As a child I dreamed of going on safari in Africa, and finally the moment arrived.
Kenya, a nation more than twice the size of Great Britain, has for decades remained a global destination for travelers from across the world, eager to embark on storybook-like safaris to view hundreds of exotic species of birds and animals that inhabit this vast land.
Beginning the Journey
A Swahili word for journey, “safari” is synonymous with this East African nation which in recent months has been immobilized by a political crisis. However, now it is set to shake off its tarnished image and re-emerge as a tourism hotspot.
Previously regarded as one of the most stable countries in Africa, Kenya’s reputation and billion-dollar tourism industry suffered a severe blow after sections of the country descended into crisis following the national elections in December 2007.
To better understand this “new Kenya,” I made my way to downtown Nairobi to the Exchange Bar located in the Stanley Hotel. It was there that I hoped to meet some locals and get their perspective on the situation.
Instead of raucous debate about life in Kenya, what I discovered was deafening silence. Without a single customer on that warm afternoon, kegs of beer remained untapped and the bar’s sumptuous leather chairs were empty.
Just a few steps away from the deserted bar is the Thorn Tree, a cafe where travelers can post notices on a community bulletin board. Largely ceremonial in its function today—displaced by cell phones and personal digital devices—the board still has a few notes tacked to it each week. A short message scrawled in pencil captured my attention.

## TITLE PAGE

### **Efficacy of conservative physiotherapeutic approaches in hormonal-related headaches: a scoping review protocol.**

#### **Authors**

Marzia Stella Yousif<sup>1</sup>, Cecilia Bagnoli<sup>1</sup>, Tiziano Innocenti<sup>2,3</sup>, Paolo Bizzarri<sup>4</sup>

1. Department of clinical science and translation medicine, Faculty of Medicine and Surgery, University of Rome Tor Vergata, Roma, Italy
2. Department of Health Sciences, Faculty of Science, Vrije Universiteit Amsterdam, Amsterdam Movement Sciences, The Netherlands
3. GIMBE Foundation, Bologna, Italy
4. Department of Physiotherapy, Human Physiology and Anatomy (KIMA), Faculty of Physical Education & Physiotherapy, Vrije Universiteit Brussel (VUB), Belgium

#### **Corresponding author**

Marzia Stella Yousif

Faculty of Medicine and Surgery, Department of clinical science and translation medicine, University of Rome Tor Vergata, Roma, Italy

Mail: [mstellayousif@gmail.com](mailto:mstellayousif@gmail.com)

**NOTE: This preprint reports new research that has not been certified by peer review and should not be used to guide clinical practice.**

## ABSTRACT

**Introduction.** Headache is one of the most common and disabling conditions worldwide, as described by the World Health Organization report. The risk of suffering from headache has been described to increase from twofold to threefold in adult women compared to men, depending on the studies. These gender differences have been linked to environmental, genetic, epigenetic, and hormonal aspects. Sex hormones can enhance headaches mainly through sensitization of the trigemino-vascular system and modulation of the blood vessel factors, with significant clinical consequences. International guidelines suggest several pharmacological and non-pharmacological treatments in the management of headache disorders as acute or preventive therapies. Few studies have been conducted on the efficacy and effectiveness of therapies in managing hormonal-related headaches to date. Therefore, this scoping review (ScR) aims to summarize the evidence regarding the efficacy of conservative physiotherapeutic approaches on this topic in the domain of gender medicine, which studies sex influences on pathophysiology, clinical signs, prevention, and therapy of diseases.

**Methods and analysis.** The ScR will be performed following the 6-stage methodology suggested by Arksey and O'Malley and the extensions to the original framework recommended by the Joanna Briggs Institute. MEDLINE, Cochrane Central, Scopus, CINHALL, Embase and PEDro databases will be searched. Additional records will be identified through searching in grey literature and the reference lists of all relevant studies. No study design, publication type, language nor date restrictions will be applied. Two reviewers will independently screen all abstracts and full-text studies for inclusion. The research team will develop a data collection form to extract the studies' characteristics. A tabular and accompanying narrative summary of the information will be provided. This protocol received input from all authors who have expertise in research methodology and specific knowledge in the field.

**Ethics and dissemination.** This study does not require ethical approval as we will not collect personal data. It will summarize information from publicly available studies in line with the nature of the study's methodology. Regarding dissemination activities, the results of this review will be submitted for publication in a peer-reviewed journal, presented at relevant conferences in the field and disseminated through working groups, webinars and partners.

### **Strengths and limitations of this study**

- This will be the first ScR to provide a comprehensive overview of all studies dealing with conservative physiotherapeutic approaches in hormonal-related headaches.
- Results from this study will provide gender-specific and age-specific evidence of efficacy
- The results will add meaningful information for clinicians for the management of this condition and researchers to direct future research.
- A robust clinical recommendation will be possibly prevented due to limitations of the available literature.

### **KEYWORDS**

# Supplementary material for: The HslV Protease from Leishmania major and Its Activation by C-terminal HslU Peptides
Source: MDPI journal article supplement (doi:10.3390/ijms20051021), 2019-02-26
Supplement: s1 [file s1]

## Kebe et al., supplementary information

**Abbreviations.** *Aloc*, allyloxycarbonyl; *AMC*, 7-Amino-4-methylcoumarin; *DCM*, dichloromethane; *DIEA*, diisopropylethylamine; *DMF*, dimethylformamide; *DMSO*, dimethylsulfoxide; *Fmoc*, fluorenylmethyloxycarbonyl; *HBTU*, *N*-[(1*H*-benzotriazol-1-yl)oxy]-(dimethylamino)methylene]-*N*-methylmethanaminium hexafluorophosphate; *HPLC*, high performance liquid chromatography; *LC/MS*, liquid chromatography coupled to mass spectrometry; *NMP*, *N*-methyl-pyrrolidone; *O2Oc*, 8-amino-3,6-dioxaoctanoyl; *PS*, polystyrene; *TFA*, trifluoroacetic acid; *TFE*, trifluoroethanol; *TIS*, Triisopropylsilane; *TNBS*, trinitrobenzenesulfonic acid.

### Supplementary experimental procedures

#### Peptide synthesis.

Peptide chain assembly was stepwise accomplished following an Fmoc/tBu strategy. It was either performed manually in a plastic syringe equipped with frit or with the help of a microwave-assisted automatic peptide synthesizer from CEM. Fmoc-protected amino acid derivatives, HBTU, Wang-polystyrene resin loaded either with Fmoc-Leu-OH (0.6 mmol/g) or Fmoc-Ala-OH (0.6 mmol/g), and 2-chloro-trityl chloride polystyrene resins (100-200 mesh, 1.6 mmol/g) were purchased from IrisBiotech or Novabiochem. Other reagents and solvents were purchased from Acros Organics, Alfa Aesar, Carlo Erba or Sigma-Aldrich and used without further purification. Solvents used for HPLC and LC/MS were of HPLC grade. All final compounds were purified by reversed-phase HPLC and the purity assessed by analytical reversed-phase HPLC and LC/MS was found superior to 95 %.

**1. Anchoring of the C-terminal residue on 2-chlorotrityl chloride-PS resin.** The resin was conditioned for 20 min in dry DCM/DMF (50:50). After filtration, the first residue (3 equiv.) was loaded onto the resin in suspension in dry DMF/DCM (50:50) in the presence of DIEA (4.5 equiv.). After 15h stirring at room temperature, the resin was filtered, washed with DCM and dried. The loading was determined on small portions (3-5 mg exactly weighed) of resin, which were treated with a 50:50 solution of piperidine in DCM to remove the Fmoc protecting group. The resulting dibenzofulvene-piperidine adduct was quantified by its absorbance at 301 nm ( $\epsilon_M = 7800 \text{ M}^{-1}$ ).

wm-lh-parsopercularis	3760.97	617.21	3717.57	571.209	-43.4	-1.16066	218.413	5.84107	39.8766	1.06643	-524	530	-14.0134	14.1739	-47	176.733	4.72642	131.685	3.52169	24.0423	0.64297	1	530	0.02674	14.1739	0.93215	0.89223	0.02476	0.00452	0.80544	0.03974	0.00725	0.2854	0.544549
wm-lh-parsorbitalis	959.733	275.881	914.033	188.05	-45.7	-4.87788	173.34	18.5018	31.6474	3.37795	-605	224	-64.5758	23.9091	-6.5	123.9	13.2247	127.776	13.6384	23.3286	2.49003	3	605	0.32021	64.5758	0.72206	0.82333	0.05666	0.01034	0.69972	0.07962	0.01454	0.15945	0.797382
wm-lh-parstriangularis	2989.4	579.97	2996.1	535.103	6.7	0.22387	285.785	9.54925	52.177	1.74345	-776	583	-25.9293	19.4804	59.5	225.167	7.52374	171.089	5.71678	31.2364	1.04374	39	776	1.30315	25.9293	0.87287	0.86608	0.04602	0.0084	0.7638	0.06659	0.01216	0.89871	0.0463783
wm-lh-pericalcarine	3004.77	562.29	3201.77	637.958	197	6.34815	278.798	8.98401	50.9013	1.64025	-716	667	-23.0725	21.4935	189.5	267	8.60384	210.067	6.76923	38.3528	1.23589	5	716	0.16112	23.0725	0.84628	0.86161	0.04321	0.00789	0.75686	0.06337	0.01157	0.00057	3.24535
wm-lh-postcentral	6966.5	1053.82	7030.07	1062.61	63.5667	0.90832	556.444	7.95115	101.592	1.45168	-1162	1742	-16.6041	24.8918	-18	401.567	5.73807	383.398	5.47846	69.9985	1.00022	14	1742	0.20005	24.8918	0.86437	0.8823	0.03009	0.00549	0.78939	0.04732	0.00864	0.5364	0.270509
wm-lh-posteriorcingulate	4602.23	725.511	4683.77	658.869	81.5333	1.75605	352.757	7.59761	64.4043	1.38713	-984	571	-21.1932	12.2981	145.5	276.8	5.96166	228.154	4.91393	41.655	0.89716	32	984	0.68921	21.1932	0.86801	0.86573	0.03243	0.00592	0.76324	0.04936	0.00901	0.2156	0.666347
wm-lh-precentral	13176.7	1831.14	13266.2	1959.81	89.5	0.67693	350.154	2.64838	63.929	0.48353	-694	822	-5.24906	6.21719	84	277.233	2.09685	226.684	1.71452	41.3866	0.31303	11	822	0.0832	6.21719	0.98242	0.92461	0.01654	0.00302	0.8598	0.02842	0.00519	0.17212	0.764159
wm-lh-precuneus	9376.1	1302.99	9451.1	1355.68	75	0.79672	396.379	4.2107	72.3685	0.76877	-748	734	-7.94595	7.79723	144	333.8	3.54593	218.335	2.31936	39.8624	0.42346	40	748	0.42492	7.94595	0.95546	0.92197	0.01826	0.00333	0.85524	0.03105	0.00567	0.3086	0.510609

“I hope for peace for all the people of Kenya,” it read.
It’s a thought possibly shared by the majority of Kenya’s 40 million people who support President Mwai Kibaki’s implementation of a power-sharing agreement with opposition leader Raila Odinga. Creating Kenya’s largest cabinet with 41 ministers, Kibaki in April invited Odinga to take the post of Prime Minister and help restore confidence in Kenya.
“I want to assure you all that I will do everything possible to ensure that our country Kenya is steered along the path of peace, unity, and stability, “said Kibaki in a speech announcing the members of the cabinet.
No Politics, Just Leisure
Leaving Nairobi and politics behind, I began the first leg of my safari by joining a group to drive 155 miles to Amboseli National Reserve.
The months of April, May, and June are the rainy season here, and the brooding clouds hovering above the massive acacia trees began to unleash torrents of rain marking an ancient cycle that annually sustains the grasslands and all of its teeming life forms.
Sharing these sweepings tracts of land with the wildlife are the Maasai people, who still tend to large herds of cattle and survive on the blood, milk, and meat of their animals.
Pulling up to the hotel where I’d be spending the night, I was greeted by a group of Maasai villagers who sang a traditional song.